The Sales Learning      Curve“It Always Takes Longer and Costs             More…”                       mleslie@leslievent...
Development of Entrepreneurial           Companies► Seed   Stage   Creating the Business Plan► Development    Stage   Cr...
Where the Risk Is► Seed   Stage   Creating the Business Plan► Development     Stage   Creating the product► Go-to-Market...
Where the Risk Is“If We Build It They Will Come”      “When We Build It Will Anyone Come?”                 Copyright 2008,...
Go-to-Market► Successful   Beta   Conversion of Beta’s to customers► “Go   for it”► It is an exciting and optimistic time...
Rapid Sales Deployment -- The          Seduction of the CEO►   Cash Considerations     Growing expense / Zero revenue -- ...
The Case of    Nano – Optical Customer     Adaptive Software and     Hardware CorporationN     O     C                    ...
NOCASH: Goes to Market► With  successful Beta in sight…► Hire the VP Sales   Often times a “regional” level sales manager...
NOCASH: Revenue Planning -- The        Capacity Model►   Revenue: For each sales rep assume:       Quota       Apply the...
NOCASH: Revenue Planning -- The            Capacity Model►   Revenue: For each sales rep assume:      Quota --  $1.5 M   ...
NOCASH: The Hope► Based  on a $1.0 M / mo burn rate starting point► Hire 30 sales reps, get to cash flow positive by  end-...
NOCASH: The Reality    0    -1    -2    -3    -4                                                      Cash Flow    -5    -...
Would You Invest in this Company?►I  just built this device for $10,000► Unfortunately the market will only pay $100  for ...
Manufacturing Learning Curve (MLC)► Well known principle in business► Cost decreases as volume increase► Shape of curve di...
MLC based pricingCost       Loss                                   Price                                            Profit...
Sales Learning Curve (SLC)►   Analogous to MLC, but focused on sales interface rather    than manufacturing►   Key variabl...
The Product Centric Corporation                            Production Facing                     Customer Facing          ...
SLC Learning -- Product► Completeness    Features    Installability► Correctness    Does it do what it is supposed to  ...
SLC Learning -- Market►   Positioning        Correct marketing messages        ROI proof        Market segmentation    ...
SLC Learning -- Sales► Sales model► Sales pitch► Training and development► Availability of executive selling► Correct sale...
The Sales Learning Curve                                                 Standard QuotaYield                              ...
Staffing for Learning        The “Renaissance” Sales Exec                                                            Stand...
Staffing when Marginal Contribution                is Visible                                                         Stan...
“Pedal-to-the-Metal” Staffing          The “Coin Operated” Sales Exec         Standard Quota         2 x Fully Loaded Cost...
NOCASH Revisited – Pedal-to-the-            Metal Staffing too Early                                                      ...
Tracking Sales Yield► Often times very few data points► Often time very random data points► However, any data is better th...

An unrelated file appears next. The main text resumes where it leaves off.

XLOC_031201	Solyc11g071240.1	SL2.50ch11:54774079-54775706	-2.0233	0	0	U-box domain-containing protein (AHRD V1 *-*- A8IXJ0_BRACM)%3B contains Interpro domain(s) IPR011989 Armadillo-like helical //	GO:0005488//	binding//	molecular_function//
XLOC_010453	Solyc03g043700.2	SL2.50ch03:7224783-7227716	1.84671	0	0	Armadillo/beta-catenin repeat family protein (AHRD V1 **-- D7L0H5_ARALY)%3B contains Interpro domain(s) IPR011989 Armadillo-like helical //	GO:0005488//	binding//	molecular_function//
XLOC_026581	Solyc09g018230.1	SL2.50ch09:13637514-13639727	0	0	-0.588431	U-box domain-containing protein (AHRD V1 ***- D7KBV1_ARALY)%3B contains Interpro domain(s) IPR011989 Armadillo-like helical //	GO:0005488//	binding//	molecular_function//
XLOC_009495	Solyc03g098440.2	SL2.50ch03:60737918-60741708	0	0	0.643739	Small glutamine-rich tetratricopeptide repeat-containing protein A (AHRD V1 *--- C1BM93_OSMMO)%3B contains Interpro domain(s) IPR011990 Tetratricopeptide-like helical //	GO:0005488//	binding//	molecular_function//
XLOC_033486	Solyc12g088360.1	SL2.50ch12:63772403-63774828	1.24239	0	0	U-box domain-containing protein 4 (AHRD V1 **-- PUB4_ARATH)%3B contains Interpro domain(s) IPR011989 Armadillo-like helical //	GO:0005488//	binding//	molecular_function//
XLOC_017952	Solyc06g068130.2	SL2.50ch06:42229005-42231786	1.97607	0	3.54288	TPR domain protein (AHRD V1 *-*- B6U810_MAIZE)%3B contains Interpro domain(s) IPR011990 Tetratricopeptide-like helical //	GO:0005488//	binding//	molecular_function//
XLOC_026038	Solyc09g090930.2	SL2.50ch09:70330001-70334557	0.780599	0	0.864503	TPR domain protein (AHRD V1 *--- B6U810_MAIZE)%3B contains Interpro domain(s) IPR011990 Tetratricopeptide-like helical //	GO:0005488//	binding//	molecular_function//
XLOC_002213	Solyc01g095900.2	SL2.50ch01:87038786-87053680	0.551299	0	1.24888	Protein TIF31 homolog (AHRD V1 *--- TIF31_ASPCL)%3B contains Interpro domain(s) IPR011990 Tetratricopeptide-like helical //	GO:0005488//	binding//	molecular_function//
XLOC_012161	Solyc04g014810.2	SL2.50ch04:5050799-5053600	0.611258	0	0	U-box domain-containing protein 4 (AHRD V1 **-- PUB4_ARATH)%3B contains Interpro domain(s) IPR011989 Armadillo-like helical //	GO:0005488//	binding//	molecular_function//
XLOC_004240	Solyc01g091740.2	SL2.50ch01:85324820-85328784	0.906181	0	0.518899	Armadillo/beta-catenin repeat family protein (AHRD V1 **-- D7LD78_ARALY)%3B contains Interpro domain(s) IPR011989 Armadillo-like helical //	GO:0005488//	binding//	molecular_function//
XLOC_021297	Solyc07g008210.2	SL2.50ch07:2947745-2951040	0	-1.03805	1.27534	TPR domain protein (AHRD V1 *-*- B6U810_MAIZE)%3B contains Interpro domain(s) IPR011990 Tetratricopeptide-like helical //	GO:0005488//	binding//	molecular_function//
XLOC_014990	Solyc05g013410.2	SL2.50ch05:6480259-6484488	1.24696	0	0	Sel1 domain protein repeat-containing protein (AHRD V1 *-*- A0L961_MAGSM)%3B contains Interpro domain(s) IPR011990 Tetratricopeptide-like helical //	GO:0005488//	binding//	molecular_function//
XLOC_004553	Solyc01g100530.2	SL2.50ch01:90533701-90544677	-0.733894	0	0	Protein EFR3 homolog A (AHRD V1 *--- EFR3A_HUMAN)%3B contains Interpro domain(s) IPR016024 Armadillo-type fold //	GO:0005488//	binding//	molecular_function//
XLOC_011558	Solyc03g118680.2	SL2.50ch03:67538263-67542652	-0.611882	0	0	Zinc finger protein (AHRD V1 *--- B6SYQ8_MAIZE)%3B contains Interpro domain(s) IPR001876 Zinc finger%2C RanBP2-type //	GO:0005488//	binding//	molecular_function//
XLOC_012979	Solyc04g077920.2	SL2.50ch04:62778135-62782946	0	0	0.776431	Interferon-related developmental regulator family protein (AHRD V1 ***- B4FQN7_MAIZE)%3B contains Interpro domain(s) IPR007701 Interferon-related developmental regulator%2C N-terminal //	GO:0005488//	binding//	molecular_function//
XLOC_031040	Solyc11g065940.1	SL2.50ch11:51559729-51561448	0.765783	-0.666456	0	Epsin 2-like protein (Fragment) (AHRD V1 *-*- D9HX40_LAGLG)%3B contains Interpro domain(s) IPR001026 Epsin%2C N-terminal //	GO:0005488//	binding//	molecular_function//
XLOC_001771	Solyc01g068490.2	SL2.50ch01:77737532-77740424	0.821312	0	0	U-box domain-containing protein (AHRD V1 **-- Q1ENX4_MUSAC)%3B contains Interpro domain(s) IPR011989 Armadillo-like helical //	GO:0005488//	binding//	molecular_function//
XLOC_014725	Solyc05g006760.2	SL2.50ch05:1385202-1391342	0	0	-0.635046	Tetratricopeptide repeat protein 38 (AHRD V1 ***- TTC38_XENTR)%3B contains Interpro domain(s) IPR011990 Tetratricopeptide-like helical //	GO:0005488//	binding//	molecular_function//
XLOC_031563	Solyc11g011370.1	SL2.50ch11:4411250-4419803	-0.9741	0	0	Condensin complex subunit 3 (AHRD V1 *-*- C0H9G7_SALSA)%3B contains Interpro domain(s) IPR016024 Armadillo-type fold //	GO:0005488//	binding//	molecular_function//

Different Types of Companies            Different Shaped Curve“Faster, Better Cheaper”   “Innovator”                     ...
The Nature of Learning        Discover                   Discover                            Test             RemediateDis...
Planning for Learning►   Identify the specific characteristics of your company,    product and market     Develop SLC exp...
Quantitative Methods►       Marginal Contribution analysis          Expected Gross Margin of FESR at Quota          Minu...
Channels of Distribution► SLC   principles are broadly applicable to channel  selling► All of the same issues relative to ...
Time to Cash Flow Breakeven             NOCASH Revisited                  Scenario                                        ...
Time to Cash Flow Breakeven► Time to breakeven correlates directly to the learning curve   Learning  Positive Marginal C...
Some Corollaries to the       theory        Copyright 2008, Mark Leslie   36
SLC impact in the Mature Company►   As companies mature they develop and release new    products     As differentiated fr...
SLC impact in the Mature Company► Companies     forget the learning curve they  experienced in their initial go-to-market►...
Impact of SLC on Venture Financing►   Pro-Forma VC financing     A round = product development     B round = go-to-marke...
“It Always Takes Longer     and Costs More”  Maybe Not…         Copyright 2008, Mark Leslie   40
A New Framework forEntrepreneurial Companies►   Plan the development of companies to include enterprise-    wide sales lea...
The Sales Learning      Curve“It Always Takes Longer and Costs             More…”                       mleslie@leslievent...
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1008 slc

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Mark Leslie on the development of entrepreneurial companies

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1008 slc

  1. 1. The Sales Learning Curve“It Always Takes Longer and Costs More…” mleslie@leslieventures.com Copyright 2008, Mark Leslie 1
  2. 2. Development of Entrepreneurial Companies► Seed Stage  Creating the Business Plan► Development Stage  Creating the product► Go-to-Market Stage  Getting Traction  AKA “The Chasm”► Market Expansion Stage► Harvest Copyright 2008, Mark Leslie 2
  3. 3. Where the Risk Is► Seed Stage  Creating the Business Plan► Development Stage  Creating the product► Go-to-Market Stage  Getting Traction  AKA “The Chasm”► Market Expansion Stage► Harvest Copyright 2008, Mark Leslie 3
  4. 4. Where the Risk Is“If We Build It They Will Come” “When We Build It Will Anyone Come?” Copyright 2008, Mark Leslie 4